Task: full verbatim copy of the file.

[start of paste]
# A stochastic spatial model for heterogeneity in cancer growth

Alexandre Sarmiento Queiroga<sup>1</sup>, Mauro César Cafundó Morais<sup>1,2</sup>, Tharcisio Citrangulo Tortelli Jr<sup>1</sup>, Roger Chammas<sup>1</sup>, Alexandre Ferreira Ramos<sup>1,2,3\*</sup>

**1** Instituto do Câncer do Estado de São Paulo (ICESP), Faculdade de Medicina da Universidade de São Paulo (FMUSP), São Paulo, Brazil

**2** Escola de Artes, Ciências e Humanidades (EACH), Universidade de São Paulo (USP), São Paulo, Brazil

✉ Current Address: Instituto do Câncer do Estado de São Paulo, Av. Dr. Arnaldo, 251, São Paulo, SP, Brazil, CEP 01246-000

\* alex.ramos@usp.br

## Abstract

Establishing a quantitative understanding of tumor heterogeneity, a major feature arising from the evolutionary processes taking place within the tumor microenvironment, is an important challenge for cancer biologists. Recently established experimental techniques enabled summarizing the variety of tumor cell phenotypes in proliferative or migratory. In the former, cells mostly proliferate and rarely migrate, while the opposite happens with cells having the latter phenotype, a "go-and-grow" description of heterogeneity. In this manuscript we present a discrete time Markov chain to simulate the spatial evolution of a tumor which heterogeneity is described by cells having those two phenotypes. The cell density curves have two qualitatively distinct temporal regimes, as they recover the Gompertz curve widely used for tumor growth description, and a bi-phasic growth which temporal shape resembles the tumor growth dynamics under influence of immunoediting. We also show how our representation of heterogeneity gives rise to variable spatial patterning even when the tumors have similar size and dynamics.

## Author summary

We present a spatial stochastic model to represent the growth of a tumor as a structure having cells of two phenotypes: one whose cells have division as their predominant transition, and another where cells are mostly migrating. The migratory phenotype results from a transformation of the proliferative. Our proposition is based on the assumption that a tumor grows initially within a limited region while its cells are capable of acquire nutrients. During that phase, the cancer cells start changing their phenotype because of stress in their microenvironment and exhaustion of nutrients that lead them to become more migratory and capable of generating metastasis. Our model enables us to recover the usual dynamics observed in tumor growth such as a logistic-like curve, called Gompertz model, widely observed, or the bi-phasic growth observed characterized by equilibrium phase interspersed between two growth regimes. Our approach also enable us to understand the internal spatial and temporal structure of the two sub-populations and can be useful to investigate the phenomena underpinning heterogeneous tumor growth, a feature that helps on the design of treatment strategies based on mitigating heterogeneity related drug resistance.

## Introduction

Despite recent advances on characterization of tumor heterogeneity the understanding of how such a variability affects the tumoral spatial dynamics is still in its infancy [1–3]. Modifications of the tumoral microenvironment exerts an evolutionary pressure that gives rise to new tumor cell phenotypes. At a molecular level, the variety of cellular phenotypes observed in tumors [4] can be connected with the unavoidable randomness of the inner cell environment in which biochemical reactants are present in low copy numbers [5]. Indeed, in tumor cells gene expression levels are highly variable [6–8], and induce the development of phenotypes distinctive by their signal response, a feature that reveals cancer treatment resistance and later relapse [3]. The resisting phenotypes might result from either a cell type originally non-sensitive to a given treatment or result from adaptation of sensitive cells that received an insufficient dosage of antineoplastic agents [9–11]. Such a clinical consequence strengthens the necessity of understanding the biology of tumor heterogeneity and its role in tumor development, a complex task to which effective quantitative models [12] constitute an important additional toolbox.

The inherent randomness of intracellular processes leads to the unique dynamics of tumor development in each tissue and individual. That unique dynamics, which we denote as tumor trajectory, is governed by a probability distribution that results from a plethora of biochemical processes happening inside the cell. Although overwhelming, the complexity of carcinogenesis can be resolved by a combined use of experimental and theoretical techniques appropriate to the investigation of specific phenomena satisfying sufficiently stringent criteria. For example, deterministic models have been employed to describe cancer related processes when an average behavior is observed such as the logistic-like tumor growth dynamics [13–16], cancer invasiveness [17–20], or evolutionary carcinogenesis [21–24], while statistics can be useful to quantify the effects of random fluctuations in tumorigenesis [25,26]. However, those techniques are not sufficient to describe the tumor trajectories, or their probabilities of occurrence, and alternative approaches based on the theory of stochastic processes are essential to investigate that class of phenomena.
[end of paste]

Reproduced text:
# A stochastic spatial model for heterogeneity in cancer growth

Alexandre Sarmiento Queiroga<sup>1</sup>, Mauro César Cafundó Morais<sup>1,2</sup>, Tharcisio Citrangulo Tortelli Jr<sup>1</sup>, Roger Chammas<sup>1</sup>, Alexandre Ferreira Ramos<sup>1,2,3\*</sup>

**1** Instituto do Câncer do Estado de São Paulo (ICESP), Faculdade de Medicina da Universidade de São Paulo (FMUSP), São Paulo, Brazil

**2** Escola de Artes, Ciências e Humanidades (EACH), Universidade de São Paulo (USP), São Paulo, Brazil

✉ Current Address: Instituto do Câncer do Estado de São Paulo, Av. Dr. Arnaldo, 251, São Paulo, SP, Brazil, CEP 01246-000

\* alex.ramos@usp.br

## Abstract

Establishing a quantitative understanding of tumor heterogeneity, a major feature arising from the evolutionary processes taking place within the tumor microenvironment, is an important challenge for cancer biologists. Recently established experimental techniques enabled summarizing the variety of tumor cell phenotypes in proliferative or migratory. In the former, cells mostly proliferate and rarely migrate, while the opposite happens with cells having the latter phenotype, a "go-and-grow" description of heterogeneity. In this manuscript we present a discrete time Markov chain to simulate the spatial evolution of a tumor which heterogeneity is described by cells having those two phenotypes. The cell density curves have two qualitatively distinct temporal regimes, as they recover the Gompertz curve widely used for tumor growth description, and a bi-phasic growth which temporal shape resembles the tumor growth dynamics under influence of immunoediting. We also show how our representation of heterogeneity gives rise to variable spatial patterning even when the tumors have similar size and dynamics.

## Author summary

We present a spatial stochastic model to represent the growth of a tumor as a structure having cells of two phenotypes: one whose cells have division as their predominant transition, and another where cells are mostly migrating. The migratory phenotype results from a transformation of the proliferative. Our proposition is based on the assumption that a tumor grows initially within a limited region while its cells are capable of acquire nutrients. During that phase, the cancer cells start changing their phenotype because of stress in their microenvironment and exhaustion of nutrients that lead them to become more migratory and capable of generating metastasis. Our model enables us to recover the usual dynamics observed in tumor growth such as a logistic-like curve, called Gompertz model, widely observed, or the bi-phasic growth observed characterized by equilibrium phase interspersed between two growth regimes. Our approach also enable us to understand the internal spatial and temporal structure of the two sub-populations and can be useful to investigate the phenomena underpinning heterogeneous tumor growth, a feature that helps on the design of treatment strategies based on mitigating heterogeneity related drug resistance.

## Introduction

Despite recent advances on characterization of tumor heterogeneity the understanding of how such a variability affects the tumoral spatial dynamics is still in its infancy [1–3]. Modifications of the tumoral microenvironment exerts an evolutionary pressure that gives rise to new tumor cell phenotypes. At a molecular level, the variety of cellular phenotypes observed in tumors [4] can be connected with the unavoidable randomness of the inner cell environment in which biochemical reactants are present in low copy numbers [5]. Indeed, in tumor cells gene expression levels are highly variable [6–8], and induce the development of phenotypes distinctive by their signal response, a feature that reveals cancer treatment resistance and later relapse [3]. The resisting phenotypes might result from either a cell type originally non-sensitive to a given treatment or result from adaptation of sensitive cells that received an insufficient dosage of antineoplastic agents [9–11]. Such a clinical consequence strengthens the necessity of understanding the biology of tumor heterogeneity and its role in tumor development, a complex task to which effective quantitative models [12] constitute an important additional toolbox.

The inherent randomness of intracellular processes leads to the unique dynamics of tumor development in each tissue and individual. That unique dynamics, which we denote as tumor trajectory, is governed by a probability distribution that results from a plethora of biochemical processes happening inside the cell. Although overwhelming, the complexity of carcinogenesis can be resolved by a combined use of experimental and theoretical techniques appropriate to the investigation of specific phenomena satisfying sufficiently stringent criteria. For example, deterministic models have been employed to describe cancer related processes when an average behavior is observed such as the logistic-like tumor growth dynamics [13–16], cancer invasiveness [17–20], or evolutionary carcinogenesis [21–24], while statistics can be useful to quantify the effects of random fluctuations in tumorigenesis [25,26]. However, those techniques are not sufficient to describe the tumor trajectories, or their probabilities of occurrence, and alternative approaches based on the theory of stochastic processes are essential to investigate that class of phenomena.